Can Statistical Analysis Predict the 2010 Midterm?
A note of caution.
1:49 PM, Sep 7, 2010 • By JAY COST
I think this lack of forward progress is partially due to a combination of several factors: (a) most political variables correlate with one another at least a little bit; (b) there are only a handful of elections; (c) the number of elections in which something "big" happened are fewer still. Taken together, all this means that the same data can support many different models that specify a whole range of theories about how congressional elections really work. Each model will predict the past with accuracy, and will often point toward different future results than its competitors. Unfortunately, the same situation that produces a multiplicity of competing models makes it very hard to eliminate "wrong" ones. It’s easy to tweak models to fit the most recent data, and so the number of potentially correct statistical models never seems to get smaller.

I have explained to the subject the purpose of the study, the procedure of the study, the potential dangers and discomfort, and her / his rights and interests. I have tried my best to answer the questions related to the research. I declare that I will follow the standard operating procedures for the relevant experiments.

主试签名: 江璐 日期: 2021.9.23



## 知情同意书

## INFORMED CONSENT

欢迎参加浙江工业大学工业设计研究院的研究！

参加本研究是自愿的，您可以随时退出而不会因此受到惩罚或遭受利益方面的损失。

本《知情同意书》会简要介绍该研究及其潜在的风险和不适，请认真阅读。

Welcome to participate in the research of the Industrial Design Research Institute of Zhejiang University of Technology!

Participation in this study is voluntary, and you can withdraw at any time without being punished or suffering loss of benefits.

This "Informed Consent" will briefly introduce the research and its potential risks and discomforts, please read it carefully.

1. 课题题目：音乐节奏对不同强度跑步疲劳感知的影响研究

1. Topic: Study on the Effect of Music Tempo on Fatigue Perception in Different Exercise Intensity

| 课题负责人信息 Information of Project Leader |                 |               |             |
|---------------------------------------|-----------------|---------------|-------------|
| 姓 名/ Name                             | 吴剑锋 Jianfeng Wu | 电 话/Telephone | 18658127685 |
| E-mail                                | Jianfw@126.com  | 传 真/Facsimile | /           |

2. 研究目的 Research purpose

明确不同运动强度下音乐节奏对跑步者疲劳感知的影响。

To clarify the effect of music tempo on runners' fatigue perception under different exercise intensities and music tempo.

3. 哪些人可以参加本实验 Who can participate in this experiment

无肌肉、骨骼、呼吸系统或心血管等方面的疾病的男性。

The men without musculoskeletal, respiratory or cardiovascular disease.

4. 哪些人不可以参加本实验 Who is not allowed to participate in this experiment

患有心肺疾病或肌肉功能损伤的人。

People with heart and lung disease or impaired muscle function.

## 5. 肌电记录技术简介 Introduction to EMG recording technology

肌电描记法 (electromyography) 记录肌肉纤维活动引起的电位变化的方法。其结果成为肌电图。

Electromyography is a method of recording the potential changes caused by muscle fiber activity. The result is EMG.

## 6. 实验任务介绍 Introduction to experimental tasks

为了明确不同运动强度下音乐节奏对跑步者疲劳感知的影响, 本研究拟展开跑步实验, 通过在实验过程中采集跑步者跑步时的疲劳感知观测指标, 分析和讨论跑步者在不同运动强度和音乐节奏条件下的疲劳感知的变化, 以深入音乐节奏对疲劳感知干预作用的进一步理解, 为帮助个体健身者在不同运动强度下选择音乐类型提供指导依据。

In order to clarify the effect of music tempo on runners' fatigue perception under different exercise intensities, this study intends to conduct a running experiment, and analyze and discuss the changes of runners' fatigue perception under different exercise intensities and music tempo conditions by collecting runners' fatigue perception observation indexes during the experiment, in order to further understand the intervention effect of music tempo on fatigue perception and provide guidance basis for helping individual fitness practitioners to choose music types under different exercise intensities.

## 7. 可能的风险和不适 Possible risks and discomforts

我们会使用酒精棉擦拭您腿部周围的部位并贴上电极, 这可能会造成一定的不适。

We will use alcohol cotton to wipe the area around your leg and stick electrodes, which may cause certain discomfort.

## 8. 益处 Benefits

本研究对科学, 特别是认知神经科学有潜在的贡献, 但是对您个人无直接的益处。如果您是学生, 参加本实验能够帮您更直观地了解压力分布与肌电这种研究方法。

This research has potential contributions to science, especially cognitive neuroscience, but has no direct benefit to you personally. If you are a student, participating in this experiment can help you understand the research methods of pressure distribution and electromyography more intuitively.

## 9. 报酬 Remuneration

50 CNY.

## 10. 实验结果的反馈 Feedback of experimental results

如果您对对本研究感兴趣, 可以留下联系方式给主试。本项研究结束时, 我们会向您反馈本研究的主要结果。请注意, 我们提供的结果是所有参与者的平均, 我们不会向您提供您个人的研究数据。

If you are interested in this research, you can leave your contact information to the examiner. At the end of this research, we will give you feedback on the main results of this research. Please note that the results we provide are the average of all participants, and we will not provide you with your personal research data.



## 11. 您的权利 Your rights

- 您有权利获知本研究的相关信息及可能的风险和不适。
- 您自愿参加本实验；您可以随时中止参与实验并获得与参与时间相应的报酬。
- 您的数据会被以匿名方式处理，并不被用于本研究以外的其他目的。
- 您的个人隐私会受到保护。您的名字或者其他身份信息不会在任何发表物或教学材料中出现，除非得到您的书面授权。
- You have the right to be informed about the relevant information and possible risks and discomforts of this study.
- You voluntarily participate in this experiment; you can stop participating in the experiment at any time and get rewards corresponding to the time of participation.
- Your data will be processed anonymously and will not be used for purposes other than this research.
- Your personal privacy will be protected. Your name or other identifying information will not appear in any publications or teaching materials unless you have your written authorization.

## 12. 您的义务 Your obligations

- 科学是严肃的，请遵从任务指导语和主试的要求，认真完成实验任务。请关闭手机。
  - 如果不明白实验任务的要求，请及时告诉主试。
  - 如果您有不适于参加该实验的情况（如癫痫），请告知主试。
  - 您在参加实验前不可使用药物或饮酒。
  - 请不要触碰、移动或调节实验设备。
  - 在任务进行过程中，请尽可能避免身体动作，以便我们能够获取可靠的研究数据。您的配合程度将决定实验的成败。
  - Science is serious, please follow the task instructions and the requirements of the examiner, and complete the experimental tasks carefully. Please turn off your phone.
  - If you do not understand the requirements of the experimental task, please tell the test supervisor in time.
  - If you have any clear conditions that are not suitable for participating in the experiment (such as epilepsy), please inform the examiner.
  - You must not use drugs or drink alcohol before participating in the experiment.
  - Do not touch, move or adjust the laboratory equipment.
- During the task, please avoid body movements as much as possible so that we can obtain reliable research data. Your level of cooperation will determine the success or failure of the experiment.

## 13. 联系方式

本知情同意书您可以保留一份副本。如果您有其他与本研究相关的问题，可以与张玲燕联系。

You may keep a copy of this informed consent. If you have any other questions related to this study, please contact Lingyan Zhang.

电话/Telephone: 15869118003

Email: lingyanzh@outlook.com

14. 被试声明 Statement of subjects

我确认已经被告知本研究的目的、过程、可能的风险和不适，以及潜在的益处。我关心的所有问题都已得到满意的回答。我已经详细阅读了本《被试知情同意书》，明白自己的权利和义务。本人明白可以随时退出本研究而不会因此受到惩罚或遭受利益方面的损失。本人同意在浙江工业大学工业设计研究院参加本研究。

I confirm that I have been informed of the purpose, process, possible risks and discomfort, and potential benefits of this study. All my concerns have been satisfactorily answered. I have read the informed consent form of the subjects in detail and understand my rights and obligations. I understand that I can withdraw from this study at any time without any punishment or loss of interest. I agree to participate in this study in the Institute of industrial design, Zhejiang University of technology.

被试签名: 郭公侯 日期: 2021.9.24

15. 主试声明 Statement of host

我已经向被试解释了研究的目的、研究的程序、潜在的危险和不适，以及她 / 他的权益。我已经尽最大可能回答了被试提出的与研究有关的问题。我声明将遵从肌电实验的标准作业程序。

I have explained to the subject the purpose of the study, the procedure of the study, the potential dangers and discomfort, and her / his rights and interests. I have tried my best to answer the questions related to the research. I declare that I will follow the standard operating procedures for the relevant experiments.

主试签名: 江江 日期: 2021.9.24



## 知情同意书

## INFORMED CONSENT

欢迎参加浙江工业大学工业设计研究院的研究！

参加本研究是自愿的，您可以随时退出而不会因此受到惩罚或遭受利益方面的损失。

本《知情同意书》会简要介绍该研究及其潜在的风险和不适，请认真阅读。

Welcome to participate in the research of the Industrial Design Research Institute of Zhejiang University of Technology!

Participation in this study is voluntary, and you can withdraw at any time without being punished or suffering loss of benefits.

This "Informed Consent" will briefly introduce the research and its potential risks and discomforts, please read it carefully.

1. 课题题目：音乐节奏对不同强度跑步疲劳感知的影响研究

That does not seem like a good scientific process to me. Instead, it seems to me like a situation in which good scientists lack sufficient data to distinctively specify and conclusively test their theories.
The reason I am writing about this on a non-technical page is that statistical analysis implicitly possesses clout because of its technical nature. It’s hard for non-experts to evaluate this kind of wonkish material for themselves, and that can result in an appeal to authority that I don’t think is appropriate. I’d advise caution and care in evaluating these predictive models.
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